Lot 2
  • 2

CHRISTOPHER SCHISSLER. A GILT-BRASS ASTRONOMICAL COMPENDIUM, GERMAN, DATED 1556 | A gilt metal compendium watch plus four pieces with astrolabes and sun dial

120,000 - 180,000 GBP
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  • 7.6cm. by 7.6cm. by 1.6cm. or 3in. x 3in. x 5/8in.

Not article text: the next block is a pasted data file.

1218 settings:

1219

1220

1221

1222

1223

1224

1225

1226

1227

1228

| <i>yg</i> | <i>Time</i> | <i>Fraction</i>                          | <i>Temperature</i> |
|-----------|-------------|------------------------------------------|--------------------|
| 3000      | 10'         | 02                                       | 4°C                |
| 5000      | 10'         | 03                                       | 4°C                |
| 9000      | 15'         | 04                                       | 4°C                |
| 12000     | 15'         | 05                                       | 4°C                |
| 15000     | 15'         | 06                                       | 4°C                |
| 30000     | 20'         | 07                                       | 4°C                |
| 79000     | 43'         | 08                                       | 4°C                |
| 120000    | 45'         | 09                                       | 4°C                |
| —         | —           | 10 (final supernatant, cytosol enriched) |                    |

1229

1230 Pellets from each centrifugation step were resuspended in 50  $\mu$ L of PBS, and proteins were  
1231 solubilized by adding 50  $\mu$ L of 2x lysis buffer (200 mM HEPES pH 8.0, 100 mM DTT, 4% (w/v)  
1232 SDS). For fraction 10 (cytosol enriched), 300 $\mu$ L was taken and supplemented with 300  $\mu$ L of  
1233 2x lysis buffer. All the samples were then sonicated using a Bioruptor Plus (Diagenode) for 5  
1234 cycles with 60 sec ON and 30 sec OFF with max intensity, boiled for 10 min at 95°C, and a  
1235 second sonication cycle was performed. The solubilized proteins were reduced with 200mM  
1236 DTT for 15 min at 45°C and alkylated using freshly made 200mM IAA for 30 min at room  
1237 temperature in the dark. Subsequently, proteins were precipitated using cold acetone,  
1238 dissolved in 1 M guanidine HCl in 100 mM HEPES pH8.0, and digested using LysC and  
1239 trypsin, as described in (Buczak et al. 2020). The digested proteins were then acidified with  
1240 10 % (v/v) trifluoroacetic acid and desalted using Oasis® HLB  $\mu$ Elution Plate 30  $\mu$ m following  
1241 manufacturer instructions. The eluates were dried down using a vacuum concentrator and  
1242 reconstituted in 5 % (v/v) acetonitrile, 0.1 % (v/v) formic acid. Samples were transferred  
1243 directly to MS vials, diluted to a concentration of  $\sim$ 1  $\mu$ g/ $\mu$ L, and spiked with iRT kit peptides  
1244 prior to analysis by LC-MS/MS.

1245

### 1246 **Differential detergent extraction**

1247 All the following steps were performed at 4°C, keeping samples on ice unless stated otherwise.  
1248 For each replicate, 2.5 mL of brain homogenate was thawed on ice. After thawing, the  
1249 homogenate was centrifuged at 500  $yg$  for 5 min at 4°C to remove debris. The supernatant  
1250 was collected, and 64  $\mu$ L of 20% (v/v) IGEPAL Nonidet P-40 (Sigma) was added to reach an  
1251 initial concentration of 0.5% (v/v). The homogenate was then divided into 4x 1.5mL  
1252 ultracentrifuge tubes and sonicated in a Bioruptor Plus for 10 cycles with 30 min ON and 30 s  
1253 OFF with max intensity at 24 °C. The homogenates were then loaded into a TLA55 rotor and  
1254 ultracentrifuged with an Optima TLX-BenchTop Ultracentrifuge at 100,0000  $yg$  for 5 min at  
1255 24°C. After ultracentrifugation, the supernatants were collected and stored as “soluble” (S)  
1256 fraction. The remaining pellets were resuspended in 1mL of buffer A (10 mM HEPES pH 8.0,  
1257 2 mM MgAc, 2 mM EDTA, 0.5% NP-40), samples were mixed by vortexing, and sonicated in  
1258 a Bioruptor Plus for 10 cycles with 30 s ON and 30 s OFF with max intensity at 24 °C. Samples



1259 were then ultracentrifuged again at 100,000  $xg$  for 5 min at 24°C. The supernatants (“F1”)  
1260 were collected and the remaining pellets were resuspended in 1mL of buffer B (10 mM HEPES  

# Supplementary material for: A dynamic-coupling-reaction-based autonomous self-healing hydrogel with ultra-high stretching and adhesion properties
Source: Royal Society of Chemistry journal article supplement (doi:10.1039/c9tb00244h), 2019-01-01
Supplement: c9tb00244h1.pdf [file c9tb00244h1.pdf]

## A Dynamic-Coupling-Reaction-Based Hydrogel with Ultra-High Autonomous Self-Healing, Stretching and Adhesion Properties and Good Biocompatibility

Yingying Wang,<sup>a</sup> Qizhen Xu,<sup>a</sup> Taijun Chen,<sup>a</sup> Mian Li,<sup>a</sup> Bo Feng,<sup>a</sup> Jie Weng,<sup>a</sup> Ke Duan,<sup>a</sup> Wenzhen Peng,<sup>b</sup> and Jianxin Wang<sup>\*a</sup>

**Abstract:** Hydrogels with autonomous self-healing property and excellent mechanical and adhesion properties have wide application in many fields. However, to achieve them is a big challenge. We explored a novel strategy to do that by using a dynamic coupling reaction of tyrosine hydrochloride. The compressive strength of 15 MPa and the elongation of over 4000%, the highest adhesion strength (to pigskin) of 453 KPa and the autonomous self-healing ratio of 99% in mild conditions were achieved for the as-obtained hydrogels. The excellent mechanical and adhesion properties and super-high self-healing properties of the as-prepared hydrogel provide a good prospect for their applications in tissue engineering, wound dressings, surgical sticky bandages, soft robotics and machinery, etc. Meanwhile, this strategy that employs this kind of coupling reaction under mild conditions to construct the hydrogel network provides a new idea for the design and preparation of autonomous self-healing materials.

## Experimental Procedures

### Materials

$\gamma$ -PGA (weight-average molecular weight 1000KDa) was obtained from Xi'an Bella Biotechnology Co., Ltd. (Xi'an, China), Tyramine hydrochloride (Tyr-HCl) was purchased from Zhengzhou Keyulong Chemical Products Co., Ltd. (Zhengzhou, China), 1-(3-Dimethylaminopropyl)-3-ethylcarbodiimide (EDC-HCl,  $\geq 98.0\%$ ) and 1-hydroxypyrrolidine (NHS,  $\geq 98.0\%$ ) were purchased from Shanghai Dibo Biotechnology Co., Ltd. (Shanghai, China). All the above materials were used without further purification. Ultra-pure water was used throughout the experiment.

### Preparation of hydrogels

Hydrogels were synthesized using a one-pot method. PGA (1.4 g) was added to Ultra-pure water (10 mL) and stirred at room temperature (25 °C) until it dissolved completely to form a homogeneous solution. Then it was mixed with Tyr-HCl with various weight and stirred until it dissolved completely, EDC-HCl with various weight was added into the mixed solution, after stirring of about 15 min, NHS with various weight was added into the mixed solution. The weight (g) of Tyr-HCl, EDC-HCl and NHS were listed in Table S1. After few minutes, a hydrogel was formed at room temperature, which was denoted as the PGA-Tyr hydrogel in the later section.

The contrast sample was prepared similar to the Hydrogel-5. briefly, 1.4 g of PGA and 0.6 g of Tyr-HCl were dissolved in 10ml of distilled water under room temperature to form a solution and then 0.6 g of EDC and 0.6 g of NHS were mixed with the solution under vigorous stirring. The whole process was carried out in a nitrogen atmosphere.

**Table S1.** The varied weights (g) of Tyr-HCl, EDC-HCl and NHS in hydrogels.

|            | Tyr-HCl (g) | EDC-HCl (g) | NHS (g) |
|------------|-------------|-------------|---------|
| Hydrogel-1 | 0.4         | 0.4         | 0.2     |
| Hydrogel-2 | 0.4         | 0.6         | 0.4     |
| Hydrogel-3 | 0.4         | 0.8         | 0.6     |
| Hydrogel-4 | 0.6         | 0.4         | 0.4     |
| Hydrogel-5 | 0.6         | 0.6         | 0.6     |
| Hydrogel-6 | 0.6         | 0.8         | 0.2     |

the octagonal case signed on the side CHRISTOPHERVS SCHISLER ME FECIT AVGVSTE VINDELICORUM ANNO DOMIN 1556, (Christopher Schisler made me in Augsburg in the year of our Lord 1556), hinged on diametrically opposed sides and edges opening to form six separate plates 1a. A geographical astrolabe engraved on a circular disc rotating within an hour scale (1-12 x 2 reading to 15 minutes) also marked meridies (south) along one edge. Consisting of a stereographic projection of the Earth from the North pole onto the plane of the Earth's equator showing named continents and seas (originally silvered) and with the tropics and equator named. Over this plate rotates a rete consisting of  the ecliptic circle only with names, signs and a rule carrying a latitude scale. 1b. A circular map of the Low Countries centred around Breda and Dordrecht with the names of approximately 120 towns together with rivers and inlets, fishermen lowering their nets into the sea (originally silvered) and sea monsters. Pivoted in the centre is an index-arm marked HOC REG CO? SITV: VRBI with a sliding cursor to which is pivoted a second arm used to ascertain the bearing of one town from another. Around the edges of the map twelve compass directions are marked. 2a. A horizontal string-gnomon sundial with inset with inset central compass and five hour scales for degrees of latitude 42, 45, 48, 51 and 54. Spring-loaded folding arm for attaching the upper end of the gnomon in one of the five positions corresponding with the latitudes marked on the plate. 2b. The latitudes of 35 towns in the Low Countries situated between 50 and 53 degrees surrounding the underside of the compass which is decorated with engraved foliage, and a spring drum containing the reserve for the gnomon. 3a. A solar aspectarium explained by the inscription ORBIS INTERIOR SVRGET RVTILANS SOL QUANDO CADATVE EXTERIOR LVCIS SPATIUM TIBI DENOTAT (the shining sun rises on the inner disc, when the sun sets the outer shows you the length of light), consisting of a central volvelle engraved with a diagram of astrological aspects of the planets (trine, quadrature and sext), a circular aperture for the sun and two indexes which provide direct readings and conversions between the three hour scales engraved concentrically around the volvelle. 3b. A rectilinear or 'de Roias' horary diagram, also refered to as an Organum Ptolomei, used, with the rule pivoted at the centre, to determine the times of sunrise and sunset for any latitude, is engraved on the recessed plate, a month calendar engraved on the surrounding rim. This plate is also a nocturnal which, in conjunction with the separate extension, can be used to sight Ursa Major in relation to the Pole star to determine the time at night. The hours on the plate are marked by fourteen buttons and a sharp point at 12 form 'reading' the scale by touch in the dark. The whole is explained by the inscription NOCTVRNALE VERSVS POLVM ARTICVM VEL VRSAM MELORES APLICANDVM (the nocturnal is directed towards the Pole star or the Great Bear). For convenience in use, the hinge pin of this plate can be removed and the plate used separately from the rest of the compendium. The instrument is completed by a separate wind-vane  (which may be mounted at the centre of plate 1) and a chased and folding plummet holder. Both of these accesssories are usually missing from surviving compendia.